The x-ray diffraction experiment was performed using imaging plate diffractometers and Si(111) monochromatized synchrotron radiation 35 keV and 24.7 keV at the beam lines 02B1 and 44B2 at SPring-8, respectively. The size of ferroelectric clusters is defined as ξ = FWHM−1, where FWHM (nm−1) denotes the full-width at half-maximum of the Lorentzian fit to the data. The spectra of inelastic x-ray scattering were acquired at beam line 43LXU at SPring-8. The data were collected using the Si (11 11 11) reflection at 21.748 keV. The typical momentum and energy resolution, ΔQ is (0.03 0.03 0.04) in reciprocal lattice unit and 1.8 meV, respectively.

Transmission Electron Microscopy

The foil specimens for transmission electron microscopy (TEM) experiments were prepared by crushing the single crystal and mounting the fragments onto Cu grids. Convergent-beam electron diffraction patterns were obtained using an energy-filter TEM (JEM-2010FEF) at an accelerating voltage of 100 kV. Dark-feld TEM images were obtained using a conventional TEM (JEM-2100F) at an accelerating voltage of 200 kV. A liquid-nitrogen cooling holder was used to control temperature of specimens.

Optical measurements

Temperature dependence of reflectivity spectra at nearly normal incidence was measured between room temperature and 10 K in the energy region of 5 meV–5 eV with polarized light. We used a Fourier transform spectrometer (grating-type monochromator equipped with a microscope) in the photon energy region of 0.008–0.7 eV (0.5–5 eV). In the region of 3–40 eV, we carried out the measurement at room temperature with use of synchrotron radiation at UV-SOR, Institute for Molecular Science, Japan. The optical conductivity spectra were derived on the basis of Kramers-Kronig analysis. The Hagen-Rubens extrapolation were assumed below 5 meV and ω−4-type extrapolation above 40 eV.

Additional Information

How to cite this article: Fujioka, J. et al. Ferroelectric-like metallic state in electron doped BaTiO3. Sci. Rep. 5, 13207; doi: 10.1038/srep13207 (2015).


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Authors thank Y.Taguchi, J.G.Checkelsky, H.Sakai, S.Ishiwata and K.Sugimoto for enlightening discussions. This work was partly supported by Grant-In-Aid for Science Research (Nos. 24224009, 26610097) from the MEXT, Japan and by Funding Program for World-Leading Innovation R&D on Science and Technology (FIRST) on “Quantum Science on Strong-Correlation”. The synchrotron x-ray diffraction experiments were performed at BL44B2 in SPring-8 with approval of RIKEN (Proposed Nos. 20110099 and 20120085) and BL02B1 (Proposed No. 2012A1009).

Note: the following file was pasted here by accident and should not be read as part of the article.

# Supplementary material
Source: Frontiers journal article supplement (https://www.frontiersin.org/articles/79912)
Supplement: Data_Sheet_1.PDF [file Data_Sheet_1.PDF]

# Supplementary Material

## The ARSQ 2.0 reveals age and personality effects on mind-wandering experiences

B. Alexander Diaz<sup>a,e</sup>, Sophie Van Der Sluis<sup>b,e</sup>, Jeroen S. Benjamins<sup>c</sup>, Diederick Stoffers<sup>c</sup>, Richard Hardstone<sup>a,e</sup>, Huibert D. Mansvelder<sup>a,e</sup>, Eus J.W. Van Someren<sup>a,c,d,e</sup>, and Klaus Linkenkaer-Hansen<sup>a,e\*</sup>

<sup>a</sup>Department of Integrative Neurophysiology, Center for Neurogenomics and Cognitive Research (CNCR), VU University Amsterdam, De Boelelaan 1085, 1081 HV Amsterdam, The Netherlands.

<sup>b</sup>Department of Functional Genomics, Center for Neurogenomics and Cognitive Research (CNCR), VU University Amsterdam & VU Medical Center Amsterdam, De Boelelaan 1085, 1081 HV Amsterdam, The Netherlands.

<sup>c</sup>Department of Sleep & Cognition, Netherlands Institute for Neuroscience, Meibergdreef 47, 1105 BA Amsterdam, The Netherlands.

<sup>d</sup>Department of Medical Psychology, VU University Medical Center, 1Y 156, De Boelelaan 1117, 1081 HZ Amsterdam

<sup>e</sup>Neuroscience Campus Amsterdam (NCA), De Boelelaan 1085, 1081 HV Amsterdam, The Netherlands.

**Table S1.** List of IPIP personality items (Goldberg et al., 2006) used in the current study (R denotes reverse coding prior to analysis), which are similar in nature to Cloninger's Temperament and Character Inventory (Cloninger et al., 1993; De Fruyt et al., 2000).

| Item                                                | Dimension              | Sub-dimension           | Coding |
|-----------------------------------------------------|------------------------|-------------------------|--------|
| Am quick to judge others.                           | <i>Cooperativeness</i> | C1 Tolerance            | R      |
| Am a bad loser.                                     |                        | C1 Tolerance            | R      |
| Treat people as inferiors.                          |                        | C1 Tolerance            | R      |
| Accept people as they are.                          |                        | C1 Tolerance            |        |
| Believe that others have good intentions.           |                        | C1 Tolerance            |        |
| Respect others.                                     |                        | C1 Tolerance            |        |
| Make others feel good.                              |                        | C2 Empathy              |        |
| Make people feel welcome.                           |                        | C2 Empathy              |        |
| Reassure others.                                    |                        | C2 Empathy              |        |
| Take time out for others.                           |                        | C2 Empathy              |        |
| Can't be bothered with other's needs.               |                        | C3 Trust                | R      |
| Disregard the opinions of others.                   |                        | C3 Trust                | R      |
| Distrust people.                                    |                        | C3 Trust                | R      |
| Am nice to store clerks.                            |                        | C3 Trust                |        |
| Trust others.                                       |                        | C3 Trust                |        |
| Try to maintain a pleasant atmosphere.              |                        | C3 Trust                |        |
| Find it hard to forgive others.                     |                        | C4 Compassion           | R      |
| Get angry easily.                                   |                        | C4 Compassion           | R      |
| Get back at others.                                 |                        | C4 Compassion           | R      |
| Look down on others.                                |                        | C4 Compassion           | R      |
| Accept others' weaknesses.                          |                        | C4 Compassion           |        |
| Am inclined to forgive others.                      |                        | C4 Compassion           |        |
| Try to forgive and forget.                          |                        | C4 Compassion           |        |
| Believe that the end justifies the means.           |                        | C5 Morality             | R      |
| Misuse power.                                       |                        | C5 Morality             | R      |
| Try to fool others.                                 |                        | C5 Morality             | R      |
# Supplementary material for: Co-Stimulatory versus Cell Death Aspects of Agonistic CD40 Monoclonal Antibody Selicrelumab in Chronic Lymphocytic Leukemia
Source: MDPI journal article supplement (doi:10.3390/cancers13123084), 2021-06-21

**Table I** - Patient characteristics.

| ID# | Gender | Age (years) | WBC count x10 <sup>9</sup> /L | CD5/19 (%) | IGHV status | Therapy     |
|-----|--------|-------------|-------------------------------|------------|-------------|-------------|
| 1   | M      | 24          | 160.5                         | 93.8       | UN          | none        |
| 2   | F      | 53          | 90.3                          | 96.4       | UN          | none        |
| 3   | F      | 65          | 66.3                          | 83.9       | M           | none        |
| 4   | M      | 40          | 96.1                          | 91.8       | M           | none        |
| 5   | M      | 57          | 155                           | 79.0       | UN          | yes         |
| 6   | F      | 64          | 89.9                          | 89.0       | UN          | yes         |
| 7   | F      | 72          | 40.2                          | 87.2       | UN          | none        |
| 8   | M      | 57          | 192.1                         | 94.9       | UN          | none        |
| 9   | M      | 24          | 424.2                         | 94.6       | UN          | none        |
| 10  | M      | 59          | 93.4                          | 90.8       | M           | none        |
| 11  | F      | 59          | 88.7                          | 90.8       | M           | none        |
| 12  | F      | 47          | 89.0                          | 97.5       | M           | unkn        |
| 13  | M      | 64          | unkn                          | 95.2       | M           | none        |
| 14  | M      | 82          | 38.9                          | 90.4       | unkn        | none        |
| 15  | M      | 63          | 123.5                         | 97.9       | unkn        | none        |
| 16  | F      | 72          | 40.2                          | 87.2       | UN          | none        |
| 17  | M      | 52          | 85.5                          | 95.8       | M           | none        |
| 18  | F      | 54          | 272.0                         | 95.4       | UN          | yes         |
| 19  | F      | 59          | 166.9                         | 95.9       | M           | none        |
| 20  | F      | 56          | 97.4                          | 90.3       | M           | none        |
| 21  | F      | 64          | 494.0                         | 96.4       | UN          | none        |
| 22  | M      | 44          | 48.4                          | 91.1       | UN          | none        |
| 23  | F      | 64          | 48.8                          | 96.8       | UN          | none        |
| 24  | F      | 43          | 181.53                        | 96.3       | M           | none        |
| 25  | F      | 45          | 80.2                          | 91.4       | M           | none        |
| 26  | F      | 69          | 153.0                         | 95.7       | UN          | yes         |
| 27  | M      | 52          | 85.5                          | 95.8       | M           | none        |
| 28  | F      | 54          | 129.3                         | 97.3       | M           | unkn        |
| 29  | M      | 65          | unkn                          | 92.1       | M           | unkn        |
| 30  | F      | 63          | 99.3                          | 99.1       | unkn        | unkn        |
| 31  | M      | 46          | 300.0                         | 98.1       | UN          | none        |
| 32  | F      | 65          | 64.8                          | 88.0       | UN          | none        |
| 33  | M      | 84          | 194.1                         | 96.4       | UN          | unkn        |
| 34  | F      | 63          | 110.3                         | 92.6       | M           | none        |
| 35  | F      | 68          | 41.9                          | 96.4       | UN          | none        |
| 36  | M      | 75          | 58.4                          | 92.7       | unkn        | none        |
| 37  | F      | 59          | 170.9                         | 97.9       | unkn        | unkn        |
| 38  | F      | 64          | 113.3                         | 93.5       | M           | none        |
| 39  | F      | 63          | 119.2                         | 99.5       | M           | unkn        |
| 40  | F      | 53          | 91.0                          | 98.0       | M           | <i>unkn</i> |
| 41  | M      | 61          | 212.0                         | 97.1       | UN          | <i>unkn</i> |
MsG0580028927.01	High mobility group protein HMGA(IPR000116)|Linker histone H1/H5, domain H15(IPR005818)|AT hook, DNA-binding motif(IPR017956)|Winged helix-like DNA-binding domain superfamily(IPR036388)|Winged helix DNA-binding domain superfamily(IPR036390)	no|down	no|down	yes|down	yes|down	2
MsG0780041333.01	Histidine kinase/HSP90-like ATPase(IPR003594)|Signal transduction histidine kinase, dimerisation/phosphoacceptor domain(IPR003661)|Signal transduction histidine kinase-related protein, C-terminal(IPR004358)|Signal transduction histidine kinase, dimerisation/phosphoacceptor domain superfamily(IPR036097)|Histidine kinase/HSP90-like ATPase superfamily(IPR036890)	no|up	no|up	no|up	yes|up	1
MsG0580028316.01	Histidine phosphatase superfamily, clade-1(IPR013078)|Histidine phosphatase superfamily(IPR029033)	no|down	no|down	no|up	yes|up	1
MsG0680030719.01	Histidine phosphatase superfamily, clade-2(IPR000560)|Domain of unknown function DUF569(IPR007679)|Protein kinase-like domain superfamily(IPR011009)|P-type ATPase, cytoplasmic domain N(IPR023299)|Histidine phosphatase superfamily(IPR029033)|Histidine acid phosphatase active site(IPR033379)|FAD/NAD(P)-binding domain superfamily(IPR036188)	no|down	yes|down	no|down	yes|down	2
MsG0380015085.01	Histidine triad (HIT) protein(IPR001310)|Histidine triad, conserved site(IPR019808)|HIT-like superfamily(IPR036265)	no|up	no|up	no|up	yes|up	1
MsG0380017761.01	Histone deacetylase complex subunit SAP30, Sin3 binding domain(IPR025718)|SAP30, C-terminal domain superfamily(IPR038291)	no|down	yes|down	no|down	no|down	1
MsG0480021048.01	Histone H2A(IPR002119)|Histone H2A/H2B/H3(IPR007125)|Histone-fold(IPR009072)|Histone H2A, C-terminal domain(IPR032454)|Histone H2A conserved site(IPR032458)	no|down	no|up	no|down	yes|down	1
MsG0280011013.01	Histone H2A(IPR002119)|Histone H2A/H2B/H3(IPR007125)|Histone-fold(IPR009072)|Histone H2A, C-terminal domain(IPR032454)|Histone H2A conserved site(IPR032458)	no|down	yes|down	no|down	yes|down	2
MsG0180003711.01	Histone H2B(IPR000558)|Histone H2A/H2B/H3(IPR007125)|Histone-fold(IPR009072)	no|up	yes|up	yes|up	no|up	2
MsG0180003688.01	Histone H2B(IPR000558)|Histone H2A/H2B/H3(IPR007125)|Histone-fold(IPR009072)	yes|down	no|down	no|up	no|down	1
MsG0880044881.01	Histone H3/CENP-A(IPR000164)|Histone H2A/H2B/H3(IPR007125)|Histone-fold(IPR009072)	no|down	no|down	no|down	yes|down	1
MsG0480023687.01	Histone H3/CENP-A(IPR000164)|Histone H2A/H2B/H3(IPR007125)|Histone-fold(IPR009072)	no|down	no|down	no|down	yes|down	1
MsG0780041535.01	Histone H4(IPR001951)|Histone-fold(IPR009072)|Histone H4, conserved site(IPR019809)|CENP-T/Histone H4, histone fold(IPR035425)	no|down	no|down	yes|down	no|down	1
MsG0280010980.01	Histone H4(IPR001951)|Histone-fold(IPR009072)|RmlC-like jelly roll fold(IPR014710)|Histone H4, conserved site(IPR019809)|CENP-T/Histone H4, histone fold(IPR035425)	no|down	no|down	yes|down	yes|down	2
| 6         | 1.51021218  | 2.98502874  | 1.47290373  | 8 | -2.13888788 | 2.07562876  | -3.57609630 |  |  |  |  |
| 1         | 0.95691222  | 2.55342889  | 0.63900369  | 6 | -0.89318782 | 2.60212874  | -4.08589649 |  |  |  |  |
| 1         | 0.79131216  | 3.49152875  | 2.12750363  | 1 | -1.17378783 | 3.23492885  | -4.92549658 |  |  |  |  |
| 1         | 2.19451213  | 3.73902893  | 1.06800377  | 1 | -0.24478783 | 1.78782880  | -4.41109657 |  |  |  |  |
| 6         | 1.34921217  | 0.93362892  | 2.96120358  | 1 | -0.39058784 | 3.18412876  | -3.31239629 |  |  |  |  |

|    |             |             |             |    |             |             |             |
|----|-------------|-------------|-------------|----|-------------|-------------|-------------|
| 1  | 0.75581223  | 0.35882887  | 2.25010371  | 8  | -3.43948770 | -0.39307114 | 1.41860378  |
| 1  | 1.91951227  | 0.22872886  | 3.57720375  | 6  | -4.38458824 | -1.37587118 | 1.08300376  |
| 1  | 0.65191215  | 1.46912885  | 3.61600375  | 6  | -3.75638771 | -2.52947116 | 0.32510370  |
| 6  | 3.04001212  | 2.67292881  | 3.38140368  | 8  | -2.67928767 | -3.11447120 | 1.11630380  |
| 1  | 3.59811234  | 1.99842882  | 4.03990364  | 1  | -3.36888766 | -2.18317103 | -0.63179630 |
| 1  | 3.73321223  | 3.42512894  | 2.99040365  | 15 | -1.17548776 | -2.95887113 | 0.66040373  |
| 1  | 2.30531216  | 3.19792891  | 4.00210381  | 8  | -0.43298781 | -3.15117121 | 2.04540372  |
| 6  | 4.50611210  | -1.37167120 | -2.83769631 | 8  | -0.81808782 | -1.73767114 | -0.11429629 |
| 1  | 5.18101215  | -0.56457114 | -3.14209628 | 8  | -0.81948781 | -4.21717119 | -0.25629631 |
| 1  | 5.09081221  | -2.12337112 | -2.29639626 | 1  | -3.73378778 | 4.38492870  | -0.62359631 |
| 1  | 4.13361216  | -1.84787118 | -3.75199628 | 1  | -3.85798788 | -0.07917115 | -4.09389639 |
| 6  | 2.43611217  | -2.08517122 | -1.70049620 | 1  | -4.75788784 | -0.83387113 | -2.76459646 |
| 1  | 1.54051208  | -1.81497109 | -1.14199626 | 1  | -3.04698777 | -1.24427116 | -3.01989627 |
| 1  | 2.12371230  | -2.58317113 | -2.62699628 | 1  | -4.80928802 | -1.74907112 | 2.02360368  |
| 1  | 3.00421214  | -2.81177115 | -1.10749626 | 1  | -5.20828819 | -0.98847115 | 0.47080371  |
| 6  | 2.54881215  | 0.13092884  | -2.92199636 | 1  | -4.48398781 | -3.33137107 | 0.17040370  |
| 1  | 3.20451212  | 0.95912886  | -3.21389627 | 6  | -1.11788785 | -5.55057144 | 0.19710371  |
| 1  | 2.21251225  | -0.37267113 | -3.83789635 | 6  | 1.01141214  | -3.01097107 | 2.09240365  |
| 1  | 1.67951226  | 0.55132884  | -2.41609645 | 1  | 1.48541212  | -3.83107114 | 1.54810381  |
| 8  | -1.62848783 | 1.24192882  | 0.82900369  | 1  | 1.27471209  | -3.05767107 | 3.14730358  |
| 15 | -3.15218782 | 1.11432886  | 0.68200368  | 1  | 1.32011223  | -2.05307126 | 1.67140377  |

Author information


  1. Department of Applied Physics and Quantum-Phase Electronics Center (QPEC), University of Tokyo, Hongo, Tokyo 113-8656, Japan

    • J. Fujioka
    • , A. Doi
    • , K. N. Okada
    •  & Y. Tokura
  2. RIKEN Center for Emergent Matter Science (CEMS), Wako 351-0198, Japan

    • D. Okuyama
    • , D. Morikawa
    • , T. Arima
    • , Y. Kaneko
    •  & Y. Tokura
  3. Department of Advanced Materials Science, University of Tokyo, Kashiwa 227-8561 Japan

    • T. Arima
  4. Syncrotron Radiation Research Unit, JAEA/SPring-8, Sayo, Hyogo 679-5148, Japan

    • T. Fukuda
  5. Materials Dynamics Laboratory, RIKEN SPring-8 Center, Sayo, Hyogo 679-5148, Japan

    • T. Fukuda
    • , H. Uchiyama
    • , D. Ishikawa
    •  & A. Q. R. Baron
  6. Research and Utilization Division, JASRI/SPring-8, Sayo, Hyogo 679-5198, Japan

    • H. Uchiyama
    • , D. Ishikawa
    •  & A. Q. R. Baron
  7. Structural Materials Science Laboratory, RIKEN SPring-8 Center, Sayo, Hyogo 679-5148, Japan

    • K. Kato
    •  & M. Takata


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J.F., A.D. and K.O. carried out the measurements of charge transport property and optical spectra. Y.K. fabricates the single crystalline samples. D.O., D.M., T.A., K.K. and M.T. performed the x-ray diffraction and electron beam diffraction experiments. J.F., T.F., H.U., D.I. and A.B. performed the inelastic x-ray scattering experiments. J.F. analyzed the data and wrote the manuscript with contributions from all authors. T.A. and Y.T. contributed to discussion of the results and guided the project. Y.T. conceived and coordinated the project.

Competing interests

The authors declare no competing financial interests.

Corresponding author

Correspondence to J. Fujioka.